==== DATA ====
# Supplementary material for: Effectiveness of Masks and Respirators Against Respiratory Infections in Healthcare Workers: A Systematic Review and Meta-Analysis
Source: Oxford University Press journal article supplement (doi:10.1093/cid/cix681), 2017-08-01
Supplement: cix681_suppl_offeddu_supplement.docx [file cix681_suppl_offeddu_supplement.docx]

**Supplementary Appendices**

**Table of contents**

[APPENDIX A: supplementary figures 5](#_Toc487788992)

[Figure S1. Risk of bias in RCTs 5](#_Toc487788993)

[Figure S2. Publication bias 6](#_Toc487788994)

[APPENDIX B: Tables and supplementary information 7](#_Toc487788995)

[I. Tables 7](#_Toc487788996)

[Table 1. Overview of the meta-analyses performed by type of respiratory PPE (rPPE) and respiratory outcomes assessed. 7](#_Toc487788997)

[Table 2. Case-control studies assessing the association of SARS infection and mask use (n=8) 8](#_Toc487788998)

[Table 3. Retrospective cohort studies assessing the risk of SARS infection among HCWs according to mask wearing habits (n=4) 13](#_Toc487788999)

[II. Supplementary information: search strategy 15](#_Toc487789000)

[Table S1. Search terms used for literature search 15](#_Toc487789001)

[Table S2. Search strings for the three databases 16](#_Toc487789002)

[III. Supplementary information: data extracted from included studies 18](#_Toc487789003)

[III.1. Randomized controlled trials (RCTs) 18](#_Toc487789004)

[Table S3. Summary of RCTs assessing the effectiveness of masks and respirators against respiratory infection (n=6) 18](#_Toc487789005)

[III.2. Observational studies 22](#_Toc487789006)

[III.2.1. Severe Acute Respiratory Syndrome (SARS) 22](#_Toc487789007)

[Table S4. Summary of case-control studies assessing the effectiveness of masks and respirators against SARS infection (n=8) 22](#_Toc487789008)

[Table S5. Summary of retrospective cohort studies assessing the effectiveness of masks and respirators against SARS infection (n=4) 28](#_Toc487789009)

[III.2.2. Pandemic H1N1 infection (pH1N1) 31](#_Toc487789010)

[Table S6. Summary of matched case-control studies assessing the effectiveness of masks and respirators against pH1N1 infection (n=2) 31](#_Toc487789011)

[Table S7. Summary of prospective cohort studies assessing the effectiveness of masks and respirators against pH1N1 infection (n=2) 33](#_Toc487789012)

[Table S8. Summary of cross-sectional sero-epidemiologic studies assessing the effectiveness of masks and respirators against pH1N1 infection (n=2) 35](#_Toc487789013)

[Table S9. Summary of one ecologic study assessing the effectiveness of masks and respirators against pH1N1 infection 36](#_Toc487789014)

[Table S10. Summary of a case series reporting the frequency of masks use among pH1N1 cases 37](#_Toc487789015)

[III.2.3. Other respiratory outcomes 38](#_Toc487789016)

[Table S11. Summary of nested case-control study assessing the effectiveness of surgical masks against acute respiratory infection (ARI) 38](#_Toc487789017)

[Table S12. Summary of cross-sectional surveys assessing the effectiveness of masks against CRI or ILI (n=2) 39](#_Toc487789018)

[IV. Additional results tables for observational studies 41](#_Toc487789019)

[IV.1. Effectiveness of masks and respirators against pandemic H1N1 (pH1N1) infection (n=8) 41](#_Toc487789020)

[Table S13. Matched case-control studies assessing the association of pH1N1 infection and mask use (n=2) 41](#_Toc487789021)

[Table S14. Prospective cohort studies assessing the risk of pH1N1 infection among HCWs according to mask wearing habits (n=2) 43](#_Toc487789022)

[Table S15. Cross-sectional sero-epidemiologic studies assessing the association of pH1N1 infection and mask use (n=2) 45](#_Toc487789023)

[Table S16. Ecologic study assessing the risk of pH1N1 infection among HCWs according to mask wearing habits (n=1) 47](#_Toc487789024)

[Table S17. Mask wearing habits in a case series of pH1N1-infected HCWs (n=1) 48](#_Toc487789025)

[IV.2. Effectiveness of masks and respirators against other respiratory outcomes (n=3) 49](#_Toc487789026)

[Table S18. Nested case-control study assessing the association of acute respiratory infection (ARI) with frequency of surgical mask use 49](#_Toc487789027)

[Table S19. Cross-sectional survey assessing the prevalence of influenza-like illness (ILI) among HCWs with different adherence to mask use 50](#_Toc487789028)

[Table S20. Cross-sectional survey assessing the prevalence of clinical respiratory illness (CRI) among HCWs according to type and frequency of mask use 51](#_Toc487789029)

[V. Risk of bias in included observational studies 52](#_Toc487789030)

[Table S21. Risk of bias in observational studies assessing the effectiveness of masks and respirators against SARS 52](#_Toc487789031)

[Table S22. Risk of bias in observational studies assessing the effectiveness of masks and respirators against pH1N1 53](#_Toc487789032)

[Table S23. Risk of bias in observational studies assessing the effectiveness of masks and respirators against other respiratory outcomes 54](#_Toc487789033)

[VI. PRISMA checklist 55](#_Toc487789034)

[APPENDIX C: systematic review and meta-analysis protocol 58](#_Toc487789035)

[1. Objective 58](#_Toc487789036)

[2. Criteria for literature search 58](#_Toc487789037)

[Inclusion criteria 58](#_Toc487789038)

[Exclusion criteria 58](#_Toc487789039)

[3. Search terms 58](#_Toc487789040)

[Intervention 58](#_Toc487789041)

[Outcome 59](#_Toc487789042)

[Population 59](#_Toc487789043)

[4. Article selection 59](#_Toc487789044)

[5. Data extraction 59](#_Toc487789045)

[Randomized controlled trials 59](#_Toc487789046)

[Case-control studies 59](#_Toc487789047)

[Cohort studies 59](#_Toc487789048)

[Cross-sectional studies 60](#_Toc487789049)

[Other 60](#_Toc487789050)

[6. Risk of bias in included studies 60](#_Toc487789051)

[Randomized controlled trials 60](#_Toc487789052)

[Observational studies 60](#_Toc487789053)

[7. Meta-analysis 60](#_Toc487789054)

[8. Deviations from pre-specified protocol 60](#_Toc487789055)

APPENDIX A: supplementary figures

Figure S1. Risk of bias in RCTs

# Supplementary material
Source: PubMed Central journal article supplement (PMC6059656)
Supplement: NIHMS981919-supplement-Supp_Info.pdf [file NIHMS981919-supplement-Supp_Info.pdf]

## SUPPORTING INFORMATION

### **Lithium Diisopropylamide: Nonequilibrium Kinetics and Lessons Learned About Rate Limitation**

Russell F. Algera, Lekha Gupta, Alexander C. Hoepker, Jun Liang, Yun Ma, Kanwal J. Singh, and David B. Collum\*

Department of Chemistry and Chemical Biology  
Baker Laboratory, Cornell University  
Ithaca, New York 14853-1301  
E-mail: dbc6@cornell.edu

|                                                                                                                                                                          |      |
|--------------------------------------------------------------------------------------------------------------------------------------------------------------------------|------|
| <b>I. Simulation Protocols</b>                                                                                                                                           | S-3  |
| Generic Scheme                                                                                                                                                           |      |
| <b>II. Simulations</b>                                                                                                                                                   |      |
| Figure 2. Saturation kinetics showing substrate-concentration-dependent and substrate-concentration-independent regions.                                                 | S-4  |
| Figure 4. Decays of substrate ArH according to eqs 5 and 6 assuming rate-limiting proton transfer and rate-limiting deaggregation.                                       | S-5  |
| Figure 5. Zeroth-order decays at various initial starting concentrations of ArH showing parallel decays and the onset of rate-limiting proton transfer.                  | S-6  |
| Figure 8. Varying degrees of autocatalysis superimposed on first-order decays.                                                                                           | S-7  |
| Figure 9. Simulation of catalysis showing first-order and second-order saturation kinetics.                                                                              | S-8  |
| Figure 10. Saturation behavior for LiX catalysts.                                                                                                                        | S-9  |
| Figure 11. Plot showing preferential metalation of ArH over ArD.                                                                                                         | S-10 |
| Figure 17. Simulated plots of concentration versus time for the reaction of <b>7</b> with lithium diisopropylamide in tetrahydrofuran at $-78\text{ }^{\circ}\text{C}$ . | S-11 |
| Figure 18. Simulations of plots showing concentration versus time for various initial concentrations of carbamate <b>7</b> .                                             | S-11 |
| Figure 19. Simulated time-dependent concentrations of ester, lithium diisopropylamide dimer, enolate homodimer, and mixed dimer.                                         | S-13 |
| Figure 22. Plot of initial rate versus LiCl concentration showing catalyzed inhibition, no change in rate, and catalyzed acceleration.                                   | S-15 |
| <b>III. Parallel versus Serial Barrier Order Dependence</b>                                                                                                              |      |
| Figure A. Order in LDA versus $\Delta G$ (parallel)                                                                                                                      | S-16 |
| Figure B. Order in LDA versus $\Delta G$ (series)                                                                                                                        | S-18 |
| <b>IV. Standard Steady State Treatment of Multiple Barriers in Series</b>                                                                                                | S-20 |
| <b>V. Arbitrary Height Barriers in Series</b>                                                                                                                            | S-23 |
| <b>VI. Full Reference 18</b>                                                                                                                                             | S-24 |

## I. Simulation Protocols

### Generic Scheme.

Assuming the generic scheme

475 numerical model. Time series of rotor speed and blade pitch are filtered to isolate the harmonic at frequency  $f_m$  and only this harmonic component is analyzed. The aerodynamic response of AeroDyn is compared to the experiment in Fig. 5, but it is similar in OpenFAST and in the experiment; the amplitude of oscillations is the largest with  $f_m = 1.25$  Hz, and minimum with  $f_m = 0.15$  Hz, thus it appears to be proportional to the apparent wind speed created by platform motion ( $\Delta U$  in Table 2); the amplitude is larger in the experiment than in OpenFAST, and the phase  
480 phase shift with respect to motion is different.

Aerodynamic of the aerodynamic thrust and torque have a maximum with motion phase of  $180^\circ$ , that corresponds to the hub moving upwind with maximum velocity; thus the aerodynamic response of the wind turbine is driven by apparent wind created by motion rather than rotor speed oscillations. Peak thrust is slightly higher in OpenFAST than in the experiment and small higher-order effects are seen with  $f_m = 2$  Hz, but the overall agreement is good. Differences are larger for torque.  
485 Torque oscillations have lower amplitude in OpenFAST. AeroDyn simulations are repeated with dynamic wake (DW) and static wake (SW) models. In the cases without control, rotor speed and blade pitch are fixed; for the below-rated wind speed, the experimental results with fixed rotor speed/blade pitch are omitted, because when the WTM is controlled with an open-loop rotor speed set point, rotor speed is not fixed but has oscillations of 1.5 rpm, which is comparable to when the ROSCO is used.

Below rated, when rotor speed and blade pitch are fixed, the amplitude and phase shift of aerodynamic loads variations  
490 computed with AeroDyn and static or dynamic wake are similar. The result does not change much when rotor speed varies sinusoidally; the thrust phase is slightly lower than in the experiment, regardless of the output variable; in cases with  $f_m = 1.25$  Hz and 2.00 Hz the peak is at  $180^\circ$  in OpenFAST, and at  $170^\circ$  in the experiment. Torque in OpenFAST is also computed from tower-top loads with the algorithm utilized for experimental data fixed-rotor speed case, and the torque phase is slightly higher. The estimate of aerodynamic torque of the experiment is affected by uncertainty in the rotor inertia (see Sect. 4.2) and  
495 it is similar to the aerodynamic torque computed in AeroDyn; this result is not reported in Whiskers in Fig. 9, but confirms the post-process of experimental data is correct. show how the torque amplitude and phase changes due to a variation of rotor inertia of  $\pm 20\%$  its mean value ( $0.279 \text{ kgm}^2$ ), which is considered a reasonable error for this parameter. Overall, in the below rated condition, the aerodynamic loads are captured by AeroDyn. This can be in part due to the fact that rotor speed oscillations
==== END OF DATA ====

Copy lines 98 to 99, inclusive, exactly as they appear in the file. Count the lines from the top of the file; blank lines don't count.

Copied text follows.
| <b>III. Parallel versus Serial Barrier Order Dependence</b>                                                                                                              |      |
| Figure A. Order in LDA versus $\Delta G$ (parallel)                                                                                                                      | S-16 |